1. But official government recogintion of a particular religion's holidays does constitute a form of establishment of religion since it gives that religion a form of symbolic recognition which is denied to other religions. Thus it is arguably unconstitutional. If so, it does not matter whether it does harm or not.

    America has since it's earliest beginnings been a Christian nation

    Actually it hasn't, except in the sense that a statistical majority of its population were Christians of one kind or another (something which likely will cease to be true within decades, given the rise in numbers of atheists and agnostics and the immigration from non-Christian countries like China and India). The US has never had an official religion and its Constitution prohibits establishment of one religion over others, even if there have been deviations from the Constitution in practice.

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  2. Jesus, whether you believe in Him or not, is responsible for many holidays we all enjoy. I have no problem giving Him kudos. I for one am grateful for the days off and if you don't want to honor Him, what He stood for, or anything else, at least be thankful you got the day(s) off work or school.

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  3. infidel - Technically the American natives (American Indians) were the the earliest beginnings.

    Precisely why I have no problem with their beliefs and the "Great White Buffalo." Nor do I have a problem with the Jewish faith, nor do I have a problem with Baha'i, nor Buddhism, nor Zoroaster, nor Islam (if it is practiced peaceably), nor any other religion.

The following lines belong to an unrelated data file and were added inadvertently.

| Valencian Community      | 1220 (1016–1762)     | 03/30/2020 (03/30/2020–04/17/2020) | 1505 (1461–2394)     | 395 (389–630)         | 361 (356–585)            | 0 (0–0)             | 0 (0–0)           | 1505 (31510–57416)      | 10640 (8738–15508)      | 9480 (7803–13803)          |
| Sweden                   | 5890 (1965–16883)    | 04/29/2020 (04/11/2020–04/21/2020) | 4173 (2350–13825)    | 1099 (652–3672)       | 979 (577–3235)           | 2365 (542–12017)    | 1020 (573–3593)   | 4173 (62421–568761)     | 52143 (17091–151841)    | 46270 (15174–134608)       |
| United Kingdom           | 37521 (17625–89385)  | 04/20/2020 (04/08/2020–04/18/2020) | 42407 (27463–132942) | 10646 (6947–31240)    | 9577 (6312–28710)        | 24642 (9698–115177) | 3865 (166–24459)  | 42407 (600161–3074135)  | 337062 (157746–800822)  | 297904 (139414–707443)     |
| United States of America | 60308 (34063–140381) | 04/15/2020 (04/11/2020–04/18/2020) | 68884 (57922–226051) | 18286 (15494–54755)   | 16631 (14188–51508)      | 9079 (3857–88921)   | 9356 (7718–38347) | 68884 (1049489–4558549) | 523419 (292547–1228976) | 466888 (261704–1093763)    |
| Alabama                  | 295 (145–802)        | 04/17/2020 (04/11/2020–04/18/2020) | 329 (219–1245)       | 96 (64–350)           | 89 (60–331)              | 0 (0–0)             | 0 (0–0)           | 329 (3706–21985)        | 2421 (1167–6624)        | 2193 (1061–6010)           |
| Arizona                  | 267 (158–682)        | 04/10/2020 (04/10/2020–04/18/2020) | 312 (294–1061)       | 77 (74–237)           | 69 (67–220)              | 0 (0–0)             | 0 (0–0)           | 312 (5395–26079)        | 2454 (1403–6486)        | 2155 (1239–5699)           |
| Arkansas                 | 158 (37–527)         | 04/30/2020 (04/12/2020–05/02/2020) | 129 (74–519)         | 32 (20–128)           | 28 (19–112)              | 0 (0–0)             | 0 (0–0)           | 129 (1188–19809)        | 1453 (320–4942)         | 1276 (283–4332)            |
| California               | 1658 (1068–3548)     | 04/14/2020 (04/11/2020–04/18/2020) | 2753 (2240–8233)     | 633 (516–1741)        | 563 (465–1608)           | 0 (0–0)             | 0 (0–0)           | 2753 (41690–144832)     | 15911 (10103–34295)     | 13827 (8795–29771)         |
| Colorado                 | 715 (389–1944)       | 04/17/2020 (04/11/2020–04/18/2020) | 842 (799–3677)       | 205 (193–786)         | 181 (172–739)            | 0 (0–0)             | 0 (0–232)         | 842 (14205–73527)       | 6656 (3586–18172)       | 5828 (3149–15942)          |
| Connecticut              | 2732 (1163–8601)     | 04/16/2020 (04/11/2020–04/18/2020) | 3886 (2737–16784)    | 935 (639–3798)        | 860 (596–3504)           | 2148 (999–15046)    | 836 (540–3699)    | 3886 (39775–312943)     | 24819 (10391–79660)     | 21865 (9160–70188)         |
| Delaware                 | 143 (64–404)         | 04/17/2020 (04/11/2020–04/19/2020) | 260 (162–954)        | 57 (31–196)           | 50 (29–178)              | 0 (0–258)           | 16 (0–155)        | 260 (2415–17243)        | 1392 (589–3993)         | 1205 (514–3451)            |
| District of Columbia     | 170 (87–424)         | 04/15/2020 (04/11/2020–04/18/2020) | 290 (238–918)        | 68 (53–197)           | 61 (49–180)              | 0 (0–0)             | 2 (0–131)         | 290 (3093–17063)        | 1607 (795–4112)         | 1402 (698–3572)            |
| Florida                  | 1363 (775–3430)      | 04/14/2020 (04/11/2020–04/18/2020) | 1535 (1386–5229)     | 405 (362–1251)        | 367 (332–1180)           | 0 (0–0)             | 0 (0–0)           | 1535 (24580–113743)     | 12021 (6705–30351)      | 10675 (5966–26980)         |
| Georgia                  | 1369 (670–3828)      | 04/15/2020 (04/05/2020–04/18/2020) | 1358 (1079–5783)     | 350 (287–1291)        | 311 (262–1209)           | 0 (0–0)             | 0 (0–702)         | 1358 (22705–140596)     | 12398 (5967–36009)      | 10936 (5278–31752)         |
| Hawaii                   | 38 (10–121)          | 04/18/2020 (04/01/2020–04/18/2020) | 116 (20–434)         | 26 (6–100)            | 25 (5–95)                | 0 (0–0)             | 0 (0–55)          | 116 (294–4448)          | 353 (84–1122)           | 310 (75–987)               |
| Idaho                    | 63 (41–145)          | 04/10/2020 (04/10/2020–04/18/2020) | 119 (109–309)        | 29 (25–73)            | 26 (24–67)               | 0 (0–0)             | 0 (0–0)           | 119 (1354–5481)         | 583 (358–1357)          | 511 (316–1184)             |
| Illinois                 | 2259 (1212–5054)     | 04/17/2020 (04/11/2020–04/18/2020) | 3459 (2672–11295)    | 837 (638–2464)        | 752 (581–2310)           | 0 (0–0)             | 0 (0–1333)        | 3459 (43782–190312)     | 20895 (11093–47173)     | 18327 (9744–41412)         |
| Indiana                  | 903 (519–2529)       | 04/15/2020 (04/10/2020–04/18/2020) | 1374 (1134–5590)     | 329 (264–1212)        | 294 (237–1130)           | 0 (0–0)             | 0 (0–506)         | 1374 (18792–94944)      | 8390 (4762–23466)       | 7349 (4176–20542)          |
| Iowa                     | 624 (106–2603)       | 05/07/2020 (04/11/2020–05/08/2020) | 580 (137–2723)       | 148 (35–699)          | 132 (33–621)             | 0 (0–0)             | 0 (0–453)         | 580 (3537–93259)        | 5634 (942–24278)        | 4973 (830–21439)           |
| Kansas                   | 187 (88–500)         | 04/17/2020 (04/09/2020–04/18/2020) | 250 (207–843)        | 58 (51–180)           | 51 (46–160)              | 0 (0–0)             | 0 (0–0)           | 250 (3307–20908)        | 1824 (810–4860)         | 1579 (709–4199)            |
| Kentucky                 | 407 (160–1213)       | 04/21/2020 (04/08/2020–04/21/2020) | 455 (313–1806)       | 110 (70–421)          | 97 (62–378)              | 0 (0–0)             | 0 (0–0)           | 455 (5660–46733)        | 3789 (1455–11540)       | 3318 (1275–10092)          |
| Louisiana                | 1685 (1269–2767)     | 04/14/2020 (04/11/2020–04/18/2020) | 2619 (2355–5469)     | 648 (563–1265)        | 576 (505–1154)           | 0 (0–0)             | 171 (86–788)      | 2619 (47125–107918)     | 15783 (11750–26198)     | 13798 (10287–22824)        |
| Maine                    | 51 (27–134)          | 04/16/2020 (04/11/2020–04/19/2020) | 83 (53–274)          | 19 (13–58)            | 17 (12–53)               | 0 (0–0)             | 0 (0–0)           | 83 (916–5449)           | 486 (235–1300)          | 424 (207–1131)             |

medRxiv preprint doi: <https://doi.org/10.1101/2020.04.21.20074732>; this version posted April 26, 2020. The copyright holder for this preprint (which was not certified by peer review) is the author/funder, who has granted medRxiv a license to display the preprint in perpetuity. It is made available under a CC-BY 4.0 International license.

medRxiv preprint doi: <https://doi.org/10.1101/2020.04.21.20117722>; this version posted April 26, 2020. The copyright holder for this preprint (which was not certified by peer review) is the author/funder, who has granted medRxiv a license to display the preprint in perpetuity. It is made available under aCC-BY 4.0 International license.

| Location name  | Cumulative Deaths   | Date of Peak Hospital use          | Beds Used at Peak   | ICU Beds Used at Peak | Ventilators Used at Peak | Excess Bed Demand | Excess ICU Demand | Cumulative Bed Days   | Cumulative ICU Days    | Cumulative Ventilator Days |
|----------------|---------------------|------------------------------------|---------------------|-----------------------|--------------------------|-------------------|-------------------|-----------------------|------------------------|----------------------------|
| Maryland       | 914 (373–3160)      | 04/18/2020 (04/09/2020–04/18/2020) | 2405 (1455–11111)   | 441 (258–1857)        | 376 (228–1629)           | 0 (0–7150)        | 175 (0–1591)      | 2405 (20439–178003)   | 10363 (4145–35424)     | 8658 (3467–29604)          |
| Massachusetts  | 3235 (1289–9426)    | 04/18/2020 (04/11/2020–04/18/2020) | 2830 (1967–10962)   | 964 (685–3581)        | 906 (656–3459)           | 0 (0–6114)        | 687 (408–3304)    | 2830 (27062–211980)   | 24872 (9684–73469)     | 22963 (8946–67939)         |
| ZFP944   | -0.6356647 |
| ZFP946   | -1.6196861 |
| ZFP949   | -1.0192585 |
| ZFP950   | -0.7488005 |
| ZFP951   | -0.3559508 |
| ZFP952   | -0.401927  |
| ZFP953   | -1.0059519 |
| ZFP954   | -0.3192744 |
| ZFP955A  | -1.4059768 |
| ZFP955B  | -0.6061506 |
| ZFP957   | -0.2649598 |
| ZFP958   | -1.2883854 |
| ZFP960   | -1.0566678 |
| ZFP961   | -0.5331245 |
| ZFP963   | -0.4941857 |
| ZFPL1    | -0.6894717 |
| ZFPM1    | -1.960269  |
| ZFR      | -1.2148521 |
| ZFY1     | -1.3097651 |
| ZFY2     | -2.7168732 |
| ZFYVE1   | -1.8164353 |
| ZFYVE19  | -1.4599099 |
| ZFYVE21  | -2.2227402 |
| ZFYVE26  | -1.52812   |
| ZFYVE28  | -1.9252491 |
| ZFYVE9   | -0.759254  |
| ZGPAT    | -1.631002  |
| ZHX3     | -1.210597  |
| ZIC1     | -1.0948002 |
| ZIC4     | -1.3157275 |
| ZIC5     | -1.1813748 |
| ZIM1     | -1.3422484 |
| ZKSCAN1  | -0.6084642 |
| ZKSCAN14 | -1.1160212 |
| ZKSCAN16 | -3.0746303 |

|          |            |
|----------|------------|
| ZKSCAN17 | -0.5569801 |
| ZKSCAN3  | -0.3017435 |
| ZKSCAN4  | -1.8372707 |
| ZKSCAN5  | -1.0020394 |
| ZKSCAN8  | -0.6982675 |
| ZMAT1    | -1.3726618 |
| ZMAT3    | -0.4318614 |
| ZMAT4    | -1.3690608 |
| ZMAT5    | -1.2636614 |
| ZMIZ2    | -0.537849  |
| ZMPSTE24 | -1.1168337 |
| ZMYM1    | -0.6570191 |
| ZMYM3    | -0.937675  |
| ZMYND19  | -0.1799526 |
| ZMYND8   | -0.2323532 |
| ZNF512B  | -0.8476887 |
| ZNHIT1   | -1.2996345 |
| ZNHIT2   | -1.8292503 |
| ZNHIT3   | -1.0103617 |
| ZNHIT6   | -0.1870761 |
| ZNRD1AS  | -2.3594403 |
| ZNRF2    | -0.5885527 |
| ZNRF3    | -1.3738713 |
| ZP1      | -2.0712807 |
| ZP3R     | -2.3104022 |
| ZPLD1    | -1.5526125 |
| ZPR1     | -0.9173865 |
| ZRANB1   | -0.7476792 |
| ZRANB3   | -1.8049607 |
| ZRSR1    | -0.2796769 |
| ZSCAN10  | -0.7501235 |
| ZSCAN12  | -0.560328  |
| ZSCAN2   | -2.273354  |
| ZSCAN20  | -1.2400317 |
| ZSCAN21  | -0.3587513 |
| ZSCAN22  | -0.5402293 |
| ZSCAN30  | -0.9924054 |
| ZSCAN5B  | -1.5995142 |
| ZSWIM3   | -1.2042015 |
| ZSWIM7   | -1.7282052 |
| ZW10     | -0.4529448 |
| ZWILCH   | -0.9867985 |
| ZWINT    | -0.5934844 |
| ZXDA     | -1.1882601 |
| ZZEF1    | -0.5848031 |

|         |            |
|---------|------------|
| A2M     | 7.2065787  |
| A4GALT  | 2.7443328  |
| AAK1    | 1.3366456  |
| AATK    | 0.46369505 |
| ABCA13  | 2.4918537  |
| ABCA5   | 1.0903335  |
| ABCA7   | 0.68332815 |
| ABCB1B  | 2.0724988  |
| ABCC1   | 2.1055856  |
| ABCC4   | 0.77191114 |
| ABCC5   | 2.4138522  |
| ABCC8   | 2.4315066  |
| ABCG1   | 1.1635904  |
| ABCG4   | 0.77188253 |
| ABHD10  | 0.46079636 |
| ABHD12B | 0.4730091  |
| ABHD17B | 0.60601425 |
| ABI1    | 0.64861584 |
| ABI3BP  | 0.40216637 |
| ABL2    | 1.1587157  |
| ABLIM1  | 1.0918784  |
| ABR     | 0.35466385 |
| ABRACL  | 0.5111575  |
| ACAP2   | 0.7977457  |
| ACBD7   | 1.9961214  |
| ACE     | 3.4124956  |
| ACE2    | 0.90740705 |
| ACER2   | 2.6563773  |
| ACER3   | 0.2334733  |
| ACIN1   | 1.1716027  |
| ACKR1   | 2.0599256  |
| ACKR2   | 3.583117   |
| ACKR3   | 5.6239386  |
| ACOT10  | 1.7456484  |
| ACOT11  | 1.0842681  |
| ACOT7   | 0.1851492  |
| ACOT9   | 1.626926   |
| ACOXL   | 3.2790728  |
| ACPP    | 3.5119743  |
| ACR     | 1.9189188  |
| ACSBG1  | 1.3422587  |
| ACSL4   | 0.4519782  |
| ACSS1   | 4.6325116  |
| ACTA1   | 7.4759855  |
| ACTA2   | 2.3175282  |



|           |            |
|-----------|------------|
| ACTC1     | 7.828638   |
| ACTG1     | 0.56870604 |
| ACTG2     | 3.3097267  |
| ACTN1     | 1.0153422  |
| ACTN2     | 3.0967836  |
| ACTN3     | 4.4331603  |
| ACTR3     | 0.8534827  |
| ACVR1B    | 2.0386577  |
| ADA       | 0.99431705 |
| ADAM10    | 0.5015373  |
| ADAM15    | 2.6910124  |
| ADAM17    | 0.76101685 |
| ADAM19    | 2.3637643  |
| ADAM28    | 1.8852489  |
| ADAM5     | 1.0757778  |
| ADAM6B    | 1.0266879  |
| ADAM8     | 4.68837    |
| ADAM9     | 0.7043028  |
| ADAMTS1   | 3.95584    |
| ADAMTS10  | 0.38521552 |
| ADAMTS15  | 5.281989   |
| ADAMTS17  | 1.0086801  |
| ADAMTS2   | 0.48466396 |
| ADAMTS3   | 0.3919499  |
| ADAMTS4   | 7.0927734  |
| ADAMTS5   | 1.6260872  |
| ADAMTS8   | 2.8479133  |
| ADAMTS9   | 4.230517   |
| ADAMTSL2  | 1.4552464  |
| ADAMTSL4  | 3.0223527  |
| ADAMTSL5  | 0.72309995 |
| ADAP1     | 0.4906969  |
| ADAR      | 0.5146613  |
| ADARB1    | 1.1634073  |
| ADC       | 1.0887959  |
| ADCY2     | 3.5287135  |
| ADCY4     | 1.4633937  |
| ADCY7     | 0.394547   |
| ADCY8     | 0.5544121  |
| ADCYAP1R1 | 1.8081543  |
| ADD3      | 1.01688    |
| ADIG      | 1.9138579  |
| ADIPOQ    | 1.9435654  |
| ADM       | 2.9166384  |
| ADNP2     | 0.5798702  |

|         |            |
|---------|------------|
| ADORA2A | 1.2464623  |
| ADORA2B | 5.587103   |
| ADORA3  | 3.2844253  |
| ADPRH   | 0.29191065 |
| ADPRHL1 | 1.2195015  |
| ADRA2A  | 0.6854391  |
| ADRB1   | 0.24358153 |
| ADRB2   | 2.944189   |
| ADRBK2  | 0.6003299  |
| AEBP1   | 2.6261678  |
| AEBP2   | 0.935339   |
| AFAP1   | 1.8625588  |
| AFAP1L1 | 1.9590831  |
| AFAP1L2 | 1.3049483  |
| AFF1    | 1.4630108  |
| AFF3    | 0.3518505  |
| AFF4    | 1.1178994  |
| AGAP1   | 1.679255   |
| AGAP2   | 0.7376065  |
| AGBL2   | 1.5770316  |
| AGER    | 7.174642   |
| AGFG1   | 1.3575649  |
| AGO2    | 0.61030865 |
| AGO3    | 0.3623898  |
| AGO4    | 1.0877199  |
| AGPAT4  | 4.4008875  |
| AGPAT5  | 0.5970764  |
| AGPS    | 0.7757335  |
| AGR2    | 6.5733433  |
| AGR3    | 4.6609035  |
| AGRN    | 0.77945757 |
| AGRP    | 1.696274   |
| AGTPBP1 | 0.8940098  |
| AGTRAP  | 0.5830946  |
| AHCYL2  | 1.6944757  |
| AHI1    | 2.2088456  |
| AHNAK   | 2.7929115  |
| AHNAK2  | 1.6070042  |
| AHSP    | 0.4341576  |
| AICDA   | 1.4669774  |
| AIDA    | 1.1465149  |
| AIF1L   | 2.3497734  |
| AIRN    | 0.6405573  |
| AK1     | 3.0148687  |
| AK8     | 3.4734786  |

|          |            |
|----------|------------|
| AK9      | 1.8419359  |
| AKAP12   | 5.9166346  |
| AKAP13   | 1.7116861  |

My problem would be the same as Jefferson's was. However I suggest you read the constitution and study the words. They mean what they say, which is nor exactly your interpretation of them.

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  4. Truth - I assume after reading my post your comments are not directed at me.

    While not being a religious individual I respect the rights of the millions who are. My position at this point in time is... to crib the Beatles "Let It Be."

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  5. Asinine. Plain and simple.

    Wish I could be more eloquent and insightful, but alas, words fail me on this one.

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  6. A child can point to a train and shout "Choo Choo!" but it's still a train...

    Infidel's argument is incredibly weak for such a smart blogger. If the government required everyone to sign a pledge card declaring themselves Christian in order to take the day off he would have a point.

    RN USA: I am a Jesus-loving Christian, and I agree with every word you wrote.

    A look back at history shows that when religion gets in bed with government, religion loses.

    The founders were indeed religious (mostly Christian) and that drove their morality, but they explicitly chose to not enshrine this in our constitution, and that is to their great credit.

    Don't believe in God? OK. Our rights are founded in Natural Law. Damn, those men were brilliant!